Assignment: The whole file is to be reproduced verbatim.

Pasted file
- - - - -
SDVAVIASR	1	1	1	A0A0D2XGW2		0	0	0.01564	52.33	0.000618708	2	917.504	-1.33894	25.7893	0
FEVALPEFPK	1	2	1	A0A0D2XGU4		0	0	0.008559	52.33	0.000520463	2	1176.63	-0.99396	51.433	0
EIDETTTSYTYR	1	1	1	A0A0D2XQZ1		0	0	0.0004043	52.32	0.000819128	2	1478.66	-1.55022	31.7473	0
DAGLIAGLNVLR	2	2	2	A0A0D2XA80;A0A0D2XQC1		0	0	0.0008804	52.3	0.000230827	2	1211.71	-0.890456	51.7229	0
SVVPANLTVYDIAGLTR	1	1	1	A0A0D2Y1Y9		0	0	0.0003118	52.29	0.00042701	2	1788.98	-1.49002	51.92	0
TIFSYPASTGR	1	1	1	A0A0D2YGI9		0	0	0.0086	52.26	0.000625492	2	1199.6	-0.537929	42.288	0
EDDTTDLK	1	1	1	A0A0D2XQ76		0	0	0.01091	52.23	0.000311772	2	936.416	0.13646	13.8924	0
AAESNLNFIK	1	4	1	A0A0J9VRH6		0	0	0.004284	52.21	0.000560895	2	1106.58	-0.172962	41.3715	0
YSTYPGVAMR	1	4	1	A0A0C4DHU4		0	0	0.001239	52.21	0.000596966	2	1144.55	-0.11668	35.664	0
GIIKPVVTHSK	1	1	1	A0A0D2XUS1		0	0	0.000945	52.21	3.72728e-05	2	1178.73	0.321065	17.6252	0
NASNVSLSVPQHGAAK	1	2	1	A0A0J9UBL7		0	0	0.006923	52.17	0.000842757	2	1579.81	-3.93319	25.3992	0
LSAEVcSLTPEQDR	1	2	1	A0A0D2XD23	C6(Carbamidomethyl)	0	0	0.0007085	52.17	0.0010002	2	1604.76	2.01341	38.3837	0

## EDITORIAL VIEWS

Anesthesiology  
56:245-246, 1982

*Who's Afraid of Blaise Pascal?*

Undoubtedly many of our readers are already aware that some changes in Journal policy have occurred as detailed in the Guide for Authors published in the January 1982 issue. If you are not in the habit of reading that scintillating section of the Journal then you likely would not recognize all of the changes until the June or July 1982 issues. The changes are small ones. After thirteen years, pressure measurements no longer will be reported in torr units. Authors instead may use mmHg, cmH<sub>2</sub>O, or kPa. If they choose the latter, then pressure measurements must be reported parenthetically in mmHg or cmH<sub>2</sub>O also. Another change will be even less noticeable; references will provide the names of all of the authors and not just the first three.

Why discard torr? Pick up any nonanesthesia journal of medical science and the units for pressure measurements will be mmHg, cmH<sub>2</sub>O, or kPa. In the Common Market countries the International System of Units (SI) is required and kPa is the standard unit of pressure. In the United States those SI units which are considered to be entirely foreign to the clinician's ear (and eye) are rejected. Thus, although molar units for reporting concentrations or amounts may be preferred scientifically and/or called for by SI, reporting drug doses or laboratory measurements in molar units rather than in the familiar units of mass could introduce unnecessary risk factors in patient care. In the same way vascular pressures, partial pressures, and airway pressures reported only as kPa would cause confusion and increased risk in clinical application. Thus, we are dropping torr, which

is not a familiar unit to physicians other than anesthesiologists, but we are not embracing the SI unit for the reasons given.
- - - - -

SDVAVIASR	1	1	1	A0A0D2XGW2		0	0	0.01564	52.33	0.000618708	2	917.504	-1.33894	25.7893	0
FEVALPEFPK	1	2	1	A0A0D2XGU4		0	0	0.008559	52.33	0.000520463	2	1176.63	-0.99396	51.433	0
EIDETTTSYTYR	1	1	1	A0A0D2XQZ1		0	0	0.0004043	52.32	0.000819128	2	1478.66	-1.55022	31.7473	0
DAGLIAGLNVLR	2	2	2	A0A0D2XA80;A0A0D2XQC1		0	0	0.0008804	52.3	0.000230827	2	1211.71	-0.890456	51.7229	0
SVVPANLTVYDIAGLTR	1	1	1	A0A0D2Y1Y9		0	0	0.0003118	52.29	0.00042701	2	1788.98	-1.49002	51.92	0
TIFSYPASTGR	1	1	1	A0A0D2YGI9		0	0	0.0086	52.26	0.000625492	2	1199.6	-0.537929	42.288	0
EDDTTDLK	1	1	1	A0A0D2XQ76		0	0	0.01091	52.23	0.000311772	2	936.416	0.13646	13.8924	0
AAESNLNFIK	1	4	1	A0A0J9VRH6		0	0	0.004284	52.21	0.000560895	2	1106.58	-0.172962	41.3715	0
YSTYPGVAMR	1	4	1	A0A0C4DHU4		0	0	0.001239	52.21	0.000596966	2	1144.55	-0.11668	35.664	0
GIIKPVVTHSK	1	1	1	A0A0D2XUS1		0	0	0.000945	52.21	3.72728e-05	2	1178.73	0.321065	17.6252	0
NASNVSLSVPQHGAAK	1	2	1	A0A0J9UBL7		0	0	0.006923	52.17	0.000842757	2	1579.81	-3.93319	25.3992	0
LSAEVcSLTPEQDR	1	2	1	A0A0D2XD23	C6(Carbamidomethyl)	0	0	0.0007085	52.17	0.0010002	2	1604.76	2.01341	38.3837	0

## EDITORIAL VIEWS

Anesthesiology  
56:245-246, 1982

*Who's Afraid of Blaise Pascal?*

Undoubtedly many of our readers are already aware that some changes in Journal policy have occurred as detailed in the Guide for Authors published in the January 1982 issue. If you are not in the habit of reading that scintillating section of the Journal then you likely would not recognize all of the changes until the June or July 1982 issues. The changes are small ones. After thirteen years, pressure measurements no longer will be reported in torr units. Authors instead may use mmHg, cmH<sub>2</sub>O, or kPa. If they choose the latter, then pressure measurements must be reported parenthetically in mmHg or cmH<sub>2</sub>O also. Another change will be even less noticeable; references will provide the names of all of the authors and not just the first three.

Why discard torr? Pick up any nonanesthesia journal of medical science and the units for pressure measurements will be mmHg, cmH<sub>2</sub>O, or kPa. In the Common Market countries the International System of Units (SI) is required and kPa is the standard unit of pressure. In the United States those SI units which are considered to be entirely foreign to the clinician's ear (and eye) are rejected. Thus, although molar units for reporting concentrations or amounts may be preferred scientifically and/or called for by SI, reporting drug doses or laboratory measurements in molar units rather than in the familiar units of mass could introduce unnecessary risk factors in patient care. In the same way vascular pressures, partial pressures, and airway pressures reported only as kPa would cause confusion and increased risk in clinical application. Thus, we are dropping torr, which

is not a familiar unit to physicians other than anesthesiologists, but we are not embracing the SI unit for the reasons given.